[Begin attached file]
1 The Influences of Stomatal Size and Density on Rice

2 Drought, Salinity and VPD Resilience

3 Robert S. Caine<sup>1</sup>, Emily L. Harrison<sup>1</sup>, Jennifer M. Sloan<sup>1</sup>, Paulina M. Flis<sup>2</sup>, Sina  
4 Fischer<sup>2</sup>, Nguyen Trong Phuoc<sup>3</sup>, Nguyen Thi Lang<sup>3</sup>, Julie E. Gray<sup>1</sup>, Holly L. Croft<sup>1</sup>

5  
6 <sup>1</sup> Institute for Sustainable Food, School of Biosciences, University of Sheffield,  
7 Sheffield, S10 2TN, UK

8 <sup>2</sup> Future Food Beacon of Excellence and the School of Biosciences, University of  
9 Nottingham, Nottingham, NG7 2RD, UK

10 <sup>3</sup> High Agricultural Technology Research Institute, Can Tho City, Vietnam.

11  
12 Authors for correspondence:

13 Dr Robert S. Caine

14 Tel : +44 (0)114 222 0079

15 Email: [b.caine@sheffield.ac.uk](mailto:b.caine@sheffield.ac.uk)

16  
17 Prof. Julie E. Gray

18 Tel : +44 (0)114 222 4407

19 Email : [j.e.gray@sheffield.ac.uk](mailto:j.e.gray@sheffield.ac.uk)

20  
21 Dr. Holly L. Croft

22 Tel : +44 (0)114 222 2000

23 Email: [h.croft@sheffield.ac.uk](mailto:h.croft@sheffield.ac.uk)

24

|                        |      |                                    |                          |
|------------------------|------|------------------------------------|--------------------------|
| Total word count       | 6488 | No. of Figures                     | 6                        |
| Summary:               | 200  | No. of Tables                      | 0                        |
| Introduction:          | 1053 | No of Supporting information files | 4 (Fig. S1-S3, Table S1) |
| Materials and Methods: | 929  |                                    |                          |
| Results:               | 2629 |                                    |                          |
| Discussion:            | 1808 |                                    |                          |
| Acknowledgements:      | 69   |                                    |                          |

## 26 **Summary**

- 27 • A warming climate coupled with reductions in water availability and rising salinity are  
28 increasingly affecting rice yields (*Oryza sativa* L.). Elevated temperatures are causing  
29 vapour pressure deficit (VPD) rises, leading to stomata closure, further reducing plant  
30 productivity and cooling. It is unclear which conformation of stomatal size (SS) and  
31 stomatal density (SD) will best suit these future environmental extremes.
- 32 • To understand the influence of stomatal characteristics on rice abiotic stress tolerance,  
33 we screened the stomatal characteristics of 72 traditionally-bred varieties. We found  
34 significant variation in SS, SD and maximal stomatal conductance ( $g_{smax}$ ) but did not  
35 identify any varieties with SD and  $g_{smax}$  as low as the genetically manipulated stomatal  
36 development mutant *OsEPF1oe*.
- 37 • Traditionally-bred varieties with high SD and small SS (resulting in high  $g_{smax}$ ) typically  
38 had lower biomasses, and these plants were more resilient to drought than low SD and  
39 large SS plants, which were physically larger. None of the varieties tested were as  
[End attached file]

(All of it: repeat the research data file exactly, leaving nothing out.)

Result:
1 The Influences of Stomatal Size and Density on Rice

2 Drought, Salinity and VPD Resilience

3 Robert S. Caine<sup>1</sup>, Emily L. Harrison<sup>1</sup>, Jennifer M. Sloan<sup>1</sup>, Paulina M. Flis<sup>2</sup>, Sina  
4 Fischer<sup>2</sup>, Nguyen Trong Phuoc<sup>3</sup>, Nguyen Thi Lang<sup>3</sup>, Julie E. Gray<sup>1</sup>, Holly L. Croft<sup>1</sup>

5  
6 <sup>1</sup> Institute for Sustainable Food, School of Biosciences, University of Sheffield,  
7 Sheffield, S10 2TN, UK

8 <sup>2</sup> Future Food Beacon of Excellence and the School of Biosciences, University of  
9 Nottingham, Nottingham, NG7 2RD, UK

10 <sup>3</sup> High Agricultural Technology Research Institute, Can Tho City, Vietnam.

11  
12 Authors for correspondence:

13 Dr Robert S. Caine

14 Tel : +44 (0)114 222 0079

15 Email: [b.caine@sheffield.ac.uk](mailto:b.caine@sheffield.ac.uk)

16  
17 Prof. Julie E. Gray

18 Tel : +44 (0)114 222 4407

19 Email : [j.e.gray@sheffield.ac.uk](mailto:j.e.gray@sheffield.ac.uk)

20  
21 Dr. Holly L. Croft

22 Tel : +44 (0)114 222 2000

23 Email: [h.croft@sheffield.ac.uk](mailto:h.croft@sheffield.ac.uk)

24

|                        |      |                                    |                          |
|------------------------|------|------------------------------------|--------------------------|
| Total word count       | 6488 | No. of Figures                     | 6                        |
| Summary:               | 200  | No. of Tables                      | 0                        |
| Introduction:          | 1053 | No of Supporting information files | 4 (Fig. S1-S3, Table S1) |
| Materials and Methods: | 929  |                                    |                          |
| Results:               | 2629 |                                    |                          |
| Discussion:            | 1808 |                                    |                          |
| Acknowledgements:      | 69   |                                    |                          |

## 26 **Summary**

- 27 • A warming climate coupled with reductions in water availability and rising salinity are  
28 increasingly affecting rice yields (*Oryza sativa* L.). Elevated temperatures are causing  
29 vapour pressure deficit (VPD) rises, leading to stomata closure, further reducing plant  
30 productivity and cooling. It is unclear which conformation of stomatal size (SS) and  
31 stomatal density (SD) will best suit these future environmental extremes.
- 32 • To understand the influence of stomatal characteristics on rice abiotic stress tolerance,  
33 we screened the stomatal characteristics of 72 traditionally-bred varieties. We found  
34 significant variation in SS, SD and maximal stomatal conductance ( $g_{smax}$ ) but did not  
35 identify any varieties with SD and  $g_{smax}$  as low as the genetically manipulated stomatal  
36 development mutant *OsEPF1oe*.
- 37 • Traditionally-bred varieties with high SD and small SS (resulting in high  $g_{smax}$ ) typically  
38 had lower biomasses, and these plants were more resilient to drought than low SD and  
39 large SS plants, which were physically larger. None of the varieties tested were as  